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# HES5320 Solid Mechanics

Topic 3:
Stress and Strain

Content

coordinates

## Strain in terms of displacement: Cartesian and

Cylindrical coordinates

## Compatibility equations: Cartesian and Cylindrical

coordinates

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## Stress and strain

Conceptually, a stress is defined as the intensity of the
internal force acting on a specific plane (area) passing
through a point.
Stress, in general, cannot be measured directly
It is calculated from the knowledge of the strain

## A strain can be defined as an average elongation,

shortening, deformation, or distortion due to applied

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## Stress: Normal Stress

Consider the axially loaded member in Fig 3.1(a). It
should be understood that the arrows (of the force)
simply represent force resultants on the faces of the
member. That is, it should not be seen as a force solely
applied along the line of the arrow. This is also true for
the internal force

## Fig 3.1. An axially loaded

member

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## The intensity of the internal force (Fig 3.2b)

acting normal to the area is called normal
stress .

## A normal stress is produced by a normal strain

The limit of the above expression, as the
area becomes small is:

= lim
=
0

## Stress: Shear Stress

b
Fig 3.2. A transversely

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## Consider the transversely loaded member in Fig 3.2(a).

From early lessons, we conclude that internal forces must
exist in the plane of the section as shown in Fig 3.2b.
These internal forces, in the case of a transversely loaded
members lead to another type of stress called shear
forces.
The intensity of the shear force divided by the
cross-sectional area on which it acts is called a
shear stress (Greek symbol tau).
=

()

## Variation of stress and strain

In slide page 4, the load-carrying member is subjected purely to a 1D normal
stress. In slide page 5, the transversely loaded member is also subjected to a 1D
shear stress. However, in most practical situations, a member is subjected to

It is therefore necessary to examine the variation of stress between adjacent points and derive suitable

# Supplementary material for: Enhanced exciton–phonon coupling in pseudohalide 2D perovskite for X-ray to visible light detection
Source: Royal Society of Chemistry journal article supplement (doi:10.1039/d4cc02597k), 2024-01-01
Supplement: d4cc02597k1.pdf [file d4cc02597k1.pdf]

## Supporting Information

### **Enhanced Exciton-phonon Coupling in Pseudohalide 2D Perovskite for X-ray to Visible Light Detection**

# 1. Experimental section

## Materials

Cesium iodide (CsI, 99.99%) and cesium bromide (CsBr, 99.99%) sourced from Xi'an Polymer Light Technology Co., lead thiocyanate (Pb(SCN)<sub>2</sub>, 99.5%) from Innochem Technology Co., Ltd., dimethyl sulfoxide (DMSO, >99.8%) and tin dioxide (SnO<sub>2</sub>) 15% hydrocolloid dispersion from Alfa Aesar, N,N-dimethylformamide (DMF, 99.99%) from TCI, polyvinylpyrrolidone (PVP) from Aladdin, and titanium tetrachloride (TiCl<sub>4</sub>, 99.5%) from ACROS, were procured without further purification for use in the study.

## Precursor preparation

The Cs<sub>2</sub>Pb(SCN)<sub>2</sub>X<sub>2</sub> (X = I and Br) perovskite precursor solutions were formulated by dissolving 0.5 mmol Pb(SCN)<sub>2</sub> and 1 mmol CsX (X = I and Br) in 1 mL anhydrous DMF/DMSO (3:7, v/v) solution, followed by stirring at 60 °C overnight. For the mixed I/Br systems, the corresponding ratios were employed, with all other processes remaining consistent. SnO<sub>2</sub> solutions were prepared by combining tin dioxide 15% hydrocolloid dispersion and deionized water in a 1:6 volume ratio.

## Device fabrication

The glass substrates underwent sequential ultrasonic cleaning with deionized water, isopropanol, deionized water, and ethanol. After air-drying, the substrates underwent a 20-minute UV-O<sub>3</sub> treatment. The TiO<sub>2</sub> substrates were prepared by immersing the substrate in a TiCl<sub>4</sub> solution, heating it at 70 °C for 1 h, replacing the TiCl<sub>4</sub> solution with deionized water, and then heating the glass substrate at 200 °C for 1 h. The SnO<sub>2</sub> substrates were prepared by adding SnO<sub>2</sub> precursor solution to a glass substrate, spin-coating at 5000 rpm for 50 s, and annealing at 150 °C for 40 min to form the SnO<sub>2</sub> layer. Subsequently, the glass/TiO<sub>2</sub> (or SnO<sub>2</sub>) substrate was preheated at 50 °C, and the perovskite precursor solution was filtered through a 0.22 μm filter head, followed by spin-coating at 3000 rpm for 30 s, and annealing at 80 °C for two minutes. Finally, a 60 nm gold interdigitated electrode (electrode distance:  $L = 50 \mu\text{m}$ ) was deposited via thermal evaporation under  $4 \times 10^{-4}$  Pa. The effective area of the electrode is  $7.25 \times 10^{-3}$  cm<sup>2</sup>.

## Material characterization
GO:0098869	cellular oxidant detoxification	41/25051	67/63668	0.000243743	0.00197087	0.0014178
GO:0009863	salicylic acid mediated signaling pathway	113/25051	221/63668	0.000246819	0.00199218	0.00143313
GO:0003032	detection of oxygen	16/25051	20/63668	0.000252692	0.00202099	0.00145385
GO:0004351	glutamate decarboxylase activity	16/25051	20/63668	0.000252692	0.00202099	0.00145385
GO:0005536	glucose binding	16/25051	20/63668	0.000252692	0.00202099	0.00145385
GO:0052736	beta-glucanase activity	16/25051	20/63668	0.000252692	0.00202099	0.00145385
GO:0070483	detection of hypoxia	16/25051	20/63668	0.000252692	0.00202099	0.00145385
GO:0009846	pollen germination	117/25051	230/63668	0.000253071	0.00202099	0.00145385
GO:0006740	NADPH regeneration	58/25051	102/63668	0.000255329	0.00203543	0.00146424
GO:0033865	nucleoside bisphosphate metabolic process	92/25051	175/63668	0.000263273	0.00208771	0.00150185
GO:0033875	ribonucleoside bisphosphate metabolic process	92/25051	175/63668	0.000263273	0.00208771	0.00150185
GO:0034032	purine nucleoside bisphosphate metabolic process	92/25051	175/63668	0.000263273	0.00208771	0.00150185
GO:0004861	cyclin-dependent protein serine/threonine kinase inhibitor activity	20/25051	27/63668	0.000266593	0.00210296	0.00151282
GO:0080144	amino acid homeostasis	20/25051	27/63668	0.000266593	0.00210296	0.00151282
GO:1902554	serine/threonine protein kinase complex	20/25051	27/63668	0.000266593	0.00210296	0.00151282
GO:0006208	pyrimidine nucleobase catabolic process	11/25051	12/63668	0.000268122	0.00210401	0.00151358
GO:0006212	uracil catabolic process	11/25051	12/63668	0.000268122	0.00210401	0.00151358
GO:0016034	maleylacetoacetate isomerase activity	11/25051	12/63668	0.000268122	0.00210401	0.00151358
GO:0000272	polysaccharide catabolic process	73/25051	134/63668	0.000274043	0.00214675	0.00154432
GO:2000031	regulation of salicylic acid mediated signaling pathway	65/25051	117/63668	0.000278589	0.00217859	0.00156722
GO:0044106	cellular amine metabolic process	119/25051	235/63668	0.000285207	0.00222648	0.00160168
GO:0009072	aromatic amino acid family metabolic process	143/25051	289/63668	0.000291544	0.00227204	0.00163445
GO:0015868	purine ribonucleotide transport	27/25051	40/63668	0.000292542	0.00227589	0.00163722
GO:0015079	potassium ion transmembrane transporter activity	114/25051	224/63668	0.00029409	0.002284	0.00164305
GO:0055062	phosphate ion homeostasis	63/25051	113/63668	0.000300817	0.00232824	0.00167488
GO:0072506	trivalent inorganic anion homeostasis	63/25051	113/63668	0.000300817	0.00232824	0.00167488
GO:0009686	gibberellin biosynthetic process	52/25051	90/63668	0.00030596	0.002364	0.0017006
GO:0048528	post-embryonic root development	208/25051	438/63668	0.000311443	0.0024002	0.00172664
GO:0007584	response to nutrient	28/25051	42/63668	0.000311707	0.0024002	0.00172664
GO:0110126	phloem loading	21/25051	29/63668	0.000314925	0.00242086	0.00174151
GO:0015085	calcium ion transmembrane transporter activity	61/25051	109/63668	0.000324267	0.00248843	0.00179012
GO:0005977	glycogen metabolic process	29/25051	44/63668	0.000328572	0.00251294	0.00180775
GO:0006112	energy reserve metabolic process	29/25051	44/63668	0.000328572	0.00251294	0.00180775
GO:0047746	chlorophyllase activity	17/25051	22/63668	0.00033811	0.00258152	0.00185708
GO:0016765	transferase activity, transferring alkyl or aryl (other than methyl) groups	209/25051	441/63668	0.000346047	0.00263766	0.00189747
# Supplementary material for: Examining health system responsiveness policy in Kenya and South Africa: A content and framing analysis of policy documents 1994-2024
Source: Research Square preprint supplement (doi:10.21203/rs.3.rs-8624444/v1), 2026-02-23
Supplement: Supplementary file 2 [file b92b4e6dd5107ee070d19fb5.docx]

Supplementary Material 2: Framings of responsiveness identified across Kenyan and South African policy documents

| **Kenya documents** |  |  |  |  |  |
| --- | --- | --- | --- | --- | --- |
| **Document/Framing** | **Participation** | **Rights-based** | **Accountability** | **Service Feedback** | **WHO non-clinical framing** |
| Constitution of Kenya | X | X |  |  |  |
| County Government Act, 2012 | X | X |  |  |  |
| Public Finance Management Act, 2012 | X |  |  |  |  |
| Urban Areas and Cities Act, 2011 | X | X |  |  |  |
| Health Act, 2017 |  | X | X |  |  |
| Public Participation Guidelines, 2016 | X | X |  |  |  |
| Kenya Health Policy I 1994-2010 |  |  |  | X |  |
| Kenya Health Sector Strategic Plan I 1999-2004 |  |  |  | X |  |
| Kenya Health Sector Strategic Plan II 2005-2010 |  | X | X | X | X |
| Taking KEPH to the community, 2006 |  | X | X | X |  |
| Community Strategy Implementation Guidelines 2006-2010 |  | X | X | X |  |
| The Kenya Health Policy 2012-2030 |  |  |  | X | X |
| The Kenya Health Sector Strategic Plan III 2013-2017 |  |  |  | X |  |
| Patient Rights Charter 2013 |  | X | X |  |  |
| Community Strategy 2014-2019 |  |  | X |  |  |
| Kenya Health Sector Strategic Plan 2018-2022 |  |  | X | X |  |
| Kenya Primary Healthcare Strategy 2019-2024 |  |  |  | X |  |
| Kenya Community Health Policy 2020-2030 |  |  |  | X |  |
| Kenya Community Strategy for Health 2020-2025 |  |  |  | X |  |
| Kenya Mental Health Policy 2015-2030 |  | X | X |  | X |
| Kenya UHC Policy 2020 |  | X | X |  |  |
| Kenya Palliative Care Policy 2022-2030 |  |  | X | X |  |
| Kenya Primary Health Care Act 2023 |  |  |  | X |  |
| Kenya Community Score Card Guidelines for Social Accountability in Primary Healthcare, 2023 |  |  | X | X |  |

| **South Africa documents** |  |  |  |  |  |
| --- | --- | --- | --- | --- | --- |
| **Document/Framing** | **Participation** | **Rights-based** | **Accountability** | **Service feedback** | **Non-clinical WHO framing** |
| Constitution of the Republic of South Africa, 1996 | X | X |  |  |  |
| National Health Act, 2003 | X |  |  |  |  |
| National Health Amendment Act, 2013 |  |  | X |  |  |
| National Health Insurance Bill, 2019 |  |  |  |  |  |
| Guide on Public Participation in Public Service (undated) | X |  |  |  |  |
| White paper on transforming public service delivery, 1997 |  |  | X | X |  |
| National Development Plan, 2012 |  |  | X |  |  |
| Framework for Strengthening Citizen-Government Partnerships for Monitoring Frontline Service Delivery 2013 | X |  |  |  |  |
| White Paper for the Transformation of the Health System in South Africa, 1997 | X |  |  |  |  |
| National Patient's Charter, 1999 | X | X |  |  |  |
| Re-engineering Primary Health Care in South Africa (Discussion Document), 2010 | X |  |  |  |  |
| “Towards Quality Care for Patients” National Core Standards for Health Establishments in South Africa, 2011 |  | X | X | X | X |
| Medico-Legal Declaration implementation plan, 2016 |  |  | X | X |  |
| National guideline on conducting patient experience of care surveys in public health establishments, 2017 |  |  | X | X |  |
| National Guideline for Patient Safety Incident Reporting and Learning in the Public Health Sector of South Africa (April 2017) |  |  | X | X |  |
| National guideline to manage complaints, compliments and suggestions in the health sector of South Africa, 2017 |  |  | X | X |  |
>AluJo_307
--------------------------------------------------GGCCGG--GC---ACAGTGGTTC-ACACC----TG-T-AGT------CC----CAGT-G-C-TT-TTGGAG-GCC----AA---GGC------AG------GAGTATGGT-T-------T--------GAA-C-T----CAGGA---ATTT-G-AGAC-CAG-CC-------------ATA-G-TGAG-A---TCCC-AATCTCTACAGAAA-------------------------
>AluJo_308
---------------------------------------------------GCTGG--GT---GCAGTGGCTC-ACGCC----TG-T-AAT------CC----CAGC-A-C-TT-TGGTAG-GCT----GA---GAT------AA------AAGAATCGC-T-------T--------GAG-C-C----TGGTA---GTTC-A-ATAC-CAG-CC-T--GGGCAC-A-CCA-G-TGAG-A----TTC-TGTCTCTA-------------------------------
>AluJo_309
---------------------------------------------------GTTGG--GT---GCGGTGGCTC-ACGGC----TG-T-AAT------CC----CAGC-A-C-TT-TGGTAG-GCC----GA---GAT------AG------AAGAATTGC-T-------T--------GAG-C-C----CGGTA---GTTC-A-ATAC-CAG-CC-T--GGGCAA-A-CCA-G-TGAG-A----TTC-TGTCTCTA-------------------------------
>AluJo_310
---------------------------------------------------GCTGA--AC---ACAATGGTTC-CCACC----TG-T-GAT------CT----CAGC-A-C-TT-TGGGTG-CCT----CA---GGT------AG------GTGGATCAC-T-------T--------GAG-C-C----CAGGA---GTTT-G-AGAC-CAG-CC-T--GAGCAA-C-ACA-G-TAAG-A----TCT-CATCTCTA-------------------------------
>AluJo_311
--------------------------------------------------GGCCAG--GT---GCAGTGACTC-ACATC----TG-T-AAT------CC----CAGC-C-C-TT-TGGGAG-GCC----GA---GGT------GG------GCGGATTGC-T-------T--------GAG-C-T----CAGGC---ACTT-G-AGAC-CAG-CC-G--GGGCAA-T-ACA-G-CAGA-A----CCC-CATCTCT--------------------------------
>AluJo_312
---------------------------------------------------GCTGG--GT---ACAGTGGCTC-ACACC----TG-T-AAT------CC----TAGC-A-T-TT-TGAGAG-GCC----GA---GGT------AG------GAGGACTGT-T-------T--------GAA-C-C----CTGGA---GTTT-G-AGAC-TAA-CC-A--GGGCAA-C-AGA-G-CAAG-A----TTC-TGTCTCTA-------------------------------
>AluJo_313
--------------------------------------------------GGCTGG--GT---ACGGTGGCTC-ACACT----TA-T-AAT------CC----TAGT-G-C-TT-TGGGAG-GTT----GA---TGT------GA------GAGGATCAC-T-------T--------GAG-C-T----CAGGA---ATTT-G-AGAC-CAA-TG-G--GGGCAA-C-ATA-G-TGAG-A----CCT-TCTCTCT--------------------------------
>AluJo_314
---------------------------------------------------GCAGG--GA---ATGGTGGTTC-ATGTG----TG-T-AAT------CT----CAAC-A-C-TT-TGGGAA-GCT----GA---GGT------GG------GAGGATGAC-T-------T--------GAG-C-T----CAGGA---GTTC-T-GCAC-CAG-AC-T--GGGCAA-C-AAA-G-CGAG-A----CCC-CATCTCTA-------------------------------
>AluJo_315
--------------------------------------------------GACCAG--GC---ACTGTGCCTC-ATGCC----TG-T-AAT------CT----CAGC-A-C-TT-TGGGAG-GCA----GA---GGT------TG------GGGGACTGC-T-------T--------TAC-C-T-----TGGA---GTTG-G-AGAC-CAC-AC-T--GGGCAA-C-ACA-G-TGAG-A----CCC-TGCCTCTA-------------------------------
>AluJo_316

expressions for this variation
Relationships for stresses may be found by considering the equilibrium of a small element of material

The equilibrium equations are obtained from the relationship between the internal forces and the area on
which these forces are acting
The solution of these equations of equilibrium must satisfy the boundary conditions of the problem as defined
by the forces
However, for statically indeterminate problem, it is not possible to obtain the individual components of stress
directly from equilibrium equations alone
In such cases, it is necessary to consider the elastic deformations of the material such that, in a continuous strain

## field, the displacements are compatible with stress distribution

These relationships are termed the equations of compatibility

Equations of equilibrium and compatibility are general and can be derived in terms of various co-ordinate
systems

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## Fig 3.3a Elements within a plane

Fig 3.3b Stresses on an element
The naming convention for the stress on each plane follows this:
is the normal stress, in and on plane
is the shear stress, on plane whose normal is , acting in

where is the body force that acts on the entire volume (e.g. gravity, inertia).

## Equilibrium Equations: Cartesian Coordinates

Divide through by the volume to get:

+
+=

In the limit as 0, 0:

+
+=

## Also, in the limit as 0, 0, we have:

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+=

## Equilibrium Equations: Cartesian

Coordinates
If the body forces ( ) are negligible, then the
equilibrium equations for a 2D problem in a Cartesian
coordinate reduce to:

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Eq. (2)

## Equilibrium Equations: Cylindrical

Coordinates
The cylindrical coordinate is ideal for analyzing the stresses in structures/members
that have curved members e.g. cylindrical tanks, pressure vessels, spherical gas tanks
and discs.

## Spherical gas tank

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Cylindrical vessels
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## Equilibrium Equations: Cylindrical

Coordinates
Consider the equilibrium of the element of a curved body in cylindrical coordinates:

## is the circumferential stress

and are both shear stresses
is the angle subtended by the curved surface

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## As , sin and cos 1 and by neglecting the

second and higher-order terms and dividing by , we have
OR

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## Cylindrical Coordinates: Resolve the forces in

tangential direction

## Follow the same steps as in previous slide to obtain

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## Cylindrical Coordinates: Equilibrium equations

The two equilibrium equations, in cylindrical coordinate, for a 2D problem are now:

Eq.(3)
Eq.(4)

Axial Symmetry
In certain cases, such as a ring, disc or cylinder, the body is symmetrical about